Re-imagined Series definition: distance measurement similar to "astronomical unit," speculated to stand for "solar unit" (TRS: "The Captain's Hand").
Re-imagined Series definition: Executive Officer, e.g. Saul Tigh

Military Jargon

Re-imagined Series definition: callsign used in wireless communications to denote a ship's commanding officer
Re-imagined Series definition: air-to-air ordnance provisioned for Raptors (TRS: "Blood and Chrome")
Re-imagined Series definition: visual indicator used in a battlestar's Instrument Landing System during a hands-on approach (TRS: "Miniseries", "Act of Contrition", "Final Cut", "Black Market")
Re-imagined Series definition: confirmed hostile contact, typically either or both a fighter and shuttle sized craft (TRS: "Final Cut", "Razor")
Re-imagined Series definition: initial skills training; can refer to basic military indoctrination, and arms and ground training (TRS: "Fragged"); and basic flight training (TRS: "Miniseries")
bent bird
Re-imagined Series definition: damaged fighter craft (TRS: "Occupation")
bingo fuel
Re-imagined Series definition: minimum fuel level required to safely return to base (TRS
 "You Can't Go Home Again", "Scar")
bird farm
Re-imagined Series definition: Colonial pilot jargon for a battlestar (TRS: "Final Cut")
bug out
Re-imagined Series definition: retreat, usually hastily and disordered (TRS: "Valley of Darkness")
Re-imagined Series definition: a nickname used as a substitute for an aviator's given name in wireless communications and in conversation
Re-imagined Series definition: to fire on an enemy during a fighter engagement (TRS: "Valley of Darkness"); active wireless communications traffic
code blue
Re-imagined Series definition: request for assistance due to potential Cylon agent sighting (TRS: "Lay Down Your Burdens, Part II," Podcast:Lay Down Your Burdens, Part II)
command authority
Re-imagined Series definition: the senior rank in a command, such as an Admiral (TRS: "Pegasus", "Precipice")
Re-imagined Series definition: navigation controls, but also used to refer to command in general (TRS: "The Captain's Hand")
dress and cover
Re-imagined Series definition: military term for personnel to form an ordered rank-and-file formation during ceremonies, derived from "dress right" and "cover down" (TRS: "Pegasus")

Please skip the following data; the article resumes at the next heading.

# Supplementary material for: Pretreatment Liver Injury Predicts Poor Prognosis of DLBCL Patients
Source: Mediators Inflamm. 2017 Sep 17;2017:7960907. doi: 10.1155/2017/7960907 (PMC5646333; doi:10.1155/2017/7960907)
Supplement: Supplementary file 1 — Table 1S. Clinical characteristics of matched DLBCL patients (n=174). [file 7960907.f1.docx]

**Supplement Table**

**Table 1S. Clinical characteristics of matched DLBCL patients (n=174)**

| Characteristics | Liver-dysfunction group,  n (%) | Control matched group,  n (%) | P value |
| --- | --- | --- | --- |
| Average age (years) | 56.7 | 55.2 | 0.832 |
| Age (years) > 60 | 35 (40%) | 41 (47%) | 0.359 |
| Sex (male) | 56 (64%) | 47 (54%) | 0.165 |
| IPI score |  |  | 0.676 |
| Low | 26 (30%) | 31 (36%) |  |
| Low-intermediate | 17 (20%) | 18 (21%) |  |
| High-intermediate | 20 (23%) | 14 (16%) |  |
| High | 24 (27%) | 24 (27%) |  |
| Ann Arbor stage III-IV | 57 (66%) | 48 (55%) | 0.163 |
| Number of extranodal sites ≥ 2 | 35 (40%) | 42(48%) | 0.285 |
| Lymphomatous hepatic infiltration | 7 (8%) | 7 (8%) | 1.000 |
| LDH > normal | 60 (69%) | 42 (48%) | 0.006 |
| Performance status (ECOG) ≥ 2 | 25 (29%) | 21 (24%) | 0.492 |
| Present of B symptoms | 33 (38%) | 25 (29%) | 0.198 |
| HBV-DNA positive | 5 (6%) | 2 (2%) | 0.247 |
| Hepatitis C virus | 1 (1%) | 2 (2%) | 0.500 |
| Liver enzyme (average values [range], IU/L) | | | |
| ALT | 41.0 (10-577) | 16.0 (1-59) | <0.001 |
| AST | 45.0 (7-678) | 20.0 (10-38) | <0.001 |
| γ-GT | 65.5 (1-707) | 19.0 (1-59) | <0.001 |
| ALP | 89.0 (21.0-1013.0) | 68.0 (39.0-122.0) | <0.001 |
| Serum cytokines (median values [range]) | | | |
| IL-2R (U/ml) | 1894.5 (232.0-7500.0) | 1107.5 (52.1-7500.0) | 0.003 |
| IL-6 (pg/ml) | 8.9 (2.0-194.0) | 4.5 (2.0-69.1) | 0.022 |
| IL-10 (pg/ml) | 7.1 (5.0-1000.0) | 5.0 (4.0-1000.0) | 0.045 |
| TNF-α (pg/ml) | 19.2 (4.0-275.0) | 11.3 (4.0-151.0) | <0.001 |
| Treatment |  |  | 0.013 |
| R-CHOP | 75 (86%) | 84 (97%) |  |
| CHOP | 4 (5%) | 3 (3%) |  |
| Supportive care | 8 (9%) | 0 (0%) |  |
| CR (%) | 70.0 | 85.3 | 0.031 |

Re-imagined Series definition: informal phonetic abbreviation for Lieutenant (LT) (TRS: "Valley of Darkness", "Fragged")
eyeball run
Re-imagined Series definition: likely refers to targeting or aiming missiles manually, without the use of targeting computers (TRS: "Home, Part I")
fire team
Re-imagined Series definition: basic fighting element used in small-unit ground tactics (TRS: "Valley of Darkness")
five-'graph order
Re-imagined Series definition: five paragraph operation order, the standard format taught in basic training (TRS: "Fragged")
Re-imagined Series definition: power generator; Tyrol asked Cally to "find the genny" to power up the lights on Ragnar Anchorage (TRS: "Miniseries")
Re-imagined Series definition: the brig
hard deck
Re-imagined Series definition: the threshold in a massive gas planet's dense atmosphere below which the atmospheric density and pressure becomes too great for a Viper to be able to reach orbit again and maintain structural integrity (TRS: "Maelstrom"); adapted from the original definition of minimum safe altitude
intra-atmos entry
Re-imagined Series definition: a jump maneuver that places the ship within a planetary body's atmosphere, in either powered flight (TRS: "Home, Part II") or free fall (TRS: "Exodus, Part II")
Re-imagined Series definition: a Colonial Marine (TRS: "Blood and Chrome")
jock smock
Re-imagined Series definition: flight suit (TRS: "He That Believeth in Me")